tetrarchy


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tet·rar·chy

 (tĕt′rär′kē, tē′trär′-) also tet·rar·chate (-kāt′, -kĭt)
n. pl. tet·rar·chies also tet·rar·chates
1. The area ruled by a tetrarch.
2.
a. Joint rule by four governors.
b. The four governors so ruling.

tetrarchy

1. the Roman practice of dividing authority over provinces among four governors.
2. a system of rule by four authorities. — tetrarch, tetrarchate, n.tetrarchic, tetrarchical, adj.
See also: Government
Translations
References in periodicals archive ?
From Septimius Severus to the Tetrarchy (Studies of the Rural World in the Roman Period, 3).
If the date of construction of Cercadilla could be set approximately within the first decades of IV century, instead of being placed rigidly to match the hypothetical stay in Cordoba of Maximilian Herculius, we would gain a new perspective to tackle many of the open questions posed by Arce (1997 and 2010) in a more ample historical context, not only free from the limiting boundaries of the Tetrarchy, but also in direct connection with the dynamics of the suburbium itself.
When I look at a source document on Constantine, say Life of Constantine (VC) by Eusebius of Caesarea, the story of that Emperor's rise from a son of one of four Caesar's--the tetrarchy instituted by Diocletian--to the triumphant Christian Emperor is not actually those events at all.
Thus, parallels with pagan Greco-Roman cults, the complex diarchy and tetrarchy of the hierarchical Roman Empire, and the birthing of the two later three powers of the Christian God.
Bill LEADBETTER, The Illegitimacy of Constantine and the Birth of the Tetrarchy, en Samuel N.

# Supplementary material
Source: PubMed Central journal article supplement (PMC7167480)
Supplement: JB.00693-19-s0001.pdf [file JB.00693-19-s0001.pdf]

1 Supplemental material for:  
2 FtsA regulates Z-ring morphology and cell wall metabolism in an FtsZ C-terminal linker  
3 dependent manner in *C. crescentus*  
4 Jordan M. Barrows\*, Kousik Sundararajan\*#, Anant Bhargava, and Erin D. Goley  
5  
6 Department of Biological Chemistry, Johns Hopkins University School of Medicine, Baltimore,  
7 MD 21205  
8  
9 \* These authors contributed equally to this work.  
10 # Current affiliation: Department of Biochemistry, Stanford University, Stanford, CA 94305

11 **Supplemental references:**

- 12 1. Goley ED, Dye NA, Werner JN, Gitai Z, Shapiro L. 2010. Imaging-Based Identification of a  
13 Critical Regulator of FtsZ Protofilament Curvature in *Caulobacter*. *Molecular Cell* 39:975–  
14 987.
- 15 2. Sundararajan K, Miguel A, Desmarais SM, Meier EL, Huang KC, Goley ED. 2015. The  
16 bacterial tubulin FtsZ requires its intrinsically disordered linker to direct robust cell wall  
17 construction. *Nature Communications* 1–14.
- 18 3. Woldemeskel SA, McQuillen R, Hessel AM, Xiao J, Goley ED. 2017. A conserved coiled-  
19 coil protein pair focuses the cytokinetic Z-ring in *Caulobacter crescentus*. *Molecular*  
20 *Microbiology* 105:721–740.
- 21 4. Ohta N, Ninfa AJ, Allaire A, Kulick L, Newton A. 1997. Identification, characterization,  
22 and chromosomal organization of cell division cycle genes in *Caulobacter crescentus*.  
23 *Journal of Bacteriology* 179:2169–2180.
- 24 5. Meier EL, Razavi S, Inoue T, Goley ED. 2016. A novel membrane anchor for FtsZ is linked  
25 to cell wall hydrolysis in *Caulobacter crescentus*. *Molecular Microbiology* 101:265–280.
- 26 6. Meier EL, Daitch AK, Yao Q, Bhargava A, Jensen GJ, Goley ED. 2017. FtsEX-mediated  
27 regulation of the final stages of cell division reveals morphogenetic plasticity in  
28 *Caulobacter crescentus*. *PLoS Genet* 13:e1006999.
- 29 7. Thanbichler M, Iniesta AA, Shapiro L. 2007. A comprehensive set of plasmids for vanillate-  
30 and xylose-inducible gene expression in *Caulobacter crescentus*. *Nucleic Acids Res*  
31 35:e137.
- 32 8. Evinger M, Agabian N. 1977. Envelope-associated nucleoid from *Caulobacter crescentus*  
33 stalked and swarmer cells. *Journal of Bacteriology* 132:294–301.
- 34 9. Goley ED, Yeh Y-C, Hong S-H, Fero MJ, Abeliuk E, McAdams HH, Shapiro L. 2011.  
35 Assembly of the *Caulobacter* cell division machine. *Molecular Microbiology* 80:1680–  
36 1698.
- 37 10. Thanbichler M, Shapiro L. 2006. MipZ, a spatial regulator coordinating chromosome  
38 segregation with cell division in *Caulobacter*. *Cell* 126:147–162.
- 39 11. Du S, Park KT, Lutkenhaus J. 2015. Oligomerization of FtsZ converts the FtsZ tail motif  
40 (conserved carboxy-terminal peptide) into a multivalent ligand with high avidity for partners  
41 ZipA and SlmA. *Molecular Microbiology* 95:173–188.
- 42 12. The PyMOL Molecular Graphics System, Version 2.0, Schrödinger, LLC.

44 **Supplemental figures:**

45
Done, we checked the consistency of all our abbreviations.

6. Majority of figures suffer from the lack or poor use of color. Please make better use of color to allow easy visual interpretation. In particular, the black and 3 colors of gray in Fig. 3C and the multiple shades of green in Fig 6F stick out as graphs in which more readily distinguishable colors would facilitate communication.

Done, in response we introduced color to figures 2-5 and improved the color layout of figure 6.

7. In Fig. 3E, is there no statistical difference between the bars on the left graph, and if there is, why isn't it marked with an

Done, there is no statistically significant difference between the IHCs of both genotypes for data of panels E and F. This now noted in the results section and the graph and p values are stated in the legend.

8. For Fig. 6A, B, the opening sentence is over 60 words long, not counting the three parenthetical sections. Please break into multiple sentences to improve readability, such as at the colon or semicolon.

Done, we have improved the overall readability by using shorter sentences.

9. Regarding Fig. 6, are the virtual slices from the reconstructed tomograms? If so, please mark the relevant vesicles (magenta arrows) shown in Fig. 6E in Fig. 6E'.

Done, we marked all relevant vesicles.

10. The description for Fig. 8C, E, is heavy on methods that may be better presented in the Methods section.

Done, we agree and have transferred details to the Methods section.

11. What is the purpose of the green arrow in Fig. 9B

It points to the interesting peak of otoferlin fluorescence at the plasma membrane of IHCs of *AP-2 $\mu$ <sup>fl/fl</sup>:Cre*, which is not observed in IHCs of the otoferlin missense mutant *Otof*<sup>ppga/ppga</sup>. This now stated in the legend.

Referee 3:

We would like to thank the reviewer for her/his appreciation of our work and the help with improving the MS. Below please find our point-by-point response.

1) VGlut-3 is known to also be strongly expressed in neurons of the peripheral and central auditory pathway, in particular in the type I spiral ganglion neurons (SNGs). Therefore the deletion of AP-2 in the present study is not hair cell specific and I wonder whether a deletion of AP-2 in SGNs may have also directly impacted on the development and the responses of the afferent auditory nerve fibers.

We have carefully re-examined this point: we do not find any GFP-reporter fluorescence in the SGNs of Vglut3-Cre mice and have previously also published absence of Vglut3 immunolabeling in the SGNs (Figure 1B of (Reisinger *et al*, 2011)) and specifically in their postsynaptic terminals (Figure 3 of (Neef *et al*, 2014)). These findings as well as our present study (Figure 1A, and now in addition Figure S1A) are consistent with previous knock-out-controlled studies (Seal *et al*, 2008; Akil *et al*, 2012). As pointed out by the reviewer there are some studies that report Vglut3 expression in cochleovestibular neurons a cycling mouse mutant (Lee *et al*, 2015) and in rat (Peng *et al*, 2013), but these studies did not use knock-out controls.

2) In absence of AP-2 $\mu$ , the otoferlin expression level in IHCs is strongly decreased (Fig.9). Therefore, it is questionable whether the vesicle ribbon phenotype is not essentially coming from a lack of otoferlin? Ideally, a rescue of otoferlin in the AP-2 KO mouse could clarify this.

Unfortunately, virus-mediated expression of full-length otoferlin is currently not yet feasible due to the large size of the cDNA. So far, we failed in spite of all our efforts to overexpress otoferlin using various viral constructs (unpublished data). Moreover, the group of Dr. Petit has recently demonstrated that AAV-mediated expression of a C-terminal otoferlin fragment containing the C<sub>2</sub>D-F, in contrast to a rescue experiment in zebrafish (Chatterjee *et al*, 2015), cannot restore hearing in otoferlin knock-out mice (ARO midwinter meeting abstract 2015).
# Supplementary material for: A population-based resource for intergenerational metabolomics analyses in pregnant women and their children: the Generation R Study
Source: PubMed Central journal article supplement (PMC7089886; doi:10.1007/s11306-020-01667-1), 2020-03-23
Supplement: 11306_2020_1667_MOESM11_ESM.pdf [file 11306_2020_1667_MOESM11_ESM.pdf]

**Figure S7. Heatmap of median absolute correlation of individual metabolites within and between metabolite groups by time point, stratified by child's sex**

Diocletian himself--perhaps chastened by the terrible fates of Decius and Valerian--insisted that no Christian blood be shed, but his authority over far-flung portions of the Tetrarchy was limited by this time, and the anti-Christian zeal of Galerius in particular was not to be placated without bloodshed.
29) Since Tiberius came to power in AD 14; this places Philip died in AD 33 or AD 34, which places the commencement of his tetrarchy in 4 BC or 3 BC.
45 Southwell Trachonitis was a region that once formed part of Herod Philip's tetrarchy.
Herod feels complacent about his tetrarchy under Roman control and protection: "Wherefore should I not be happy?
Lenski refers to "scholae palatinae" while Evans labels them "Scholarians," and Lenski's summary of the Tetrarchy, while germane to Constantine's elevation to power, is redundant following Corcoran's chapter, and could have been edited in a smoother way.
Van Dam argues that the changing religious policies of first, the Tetrarchy, and later, Constantine, had problematized "religion" as a category within early fourth-century diplomatic discourse.
In Palestine, Roman rule was exercised through the procurators and tetrarchy that expanded the scope of state power.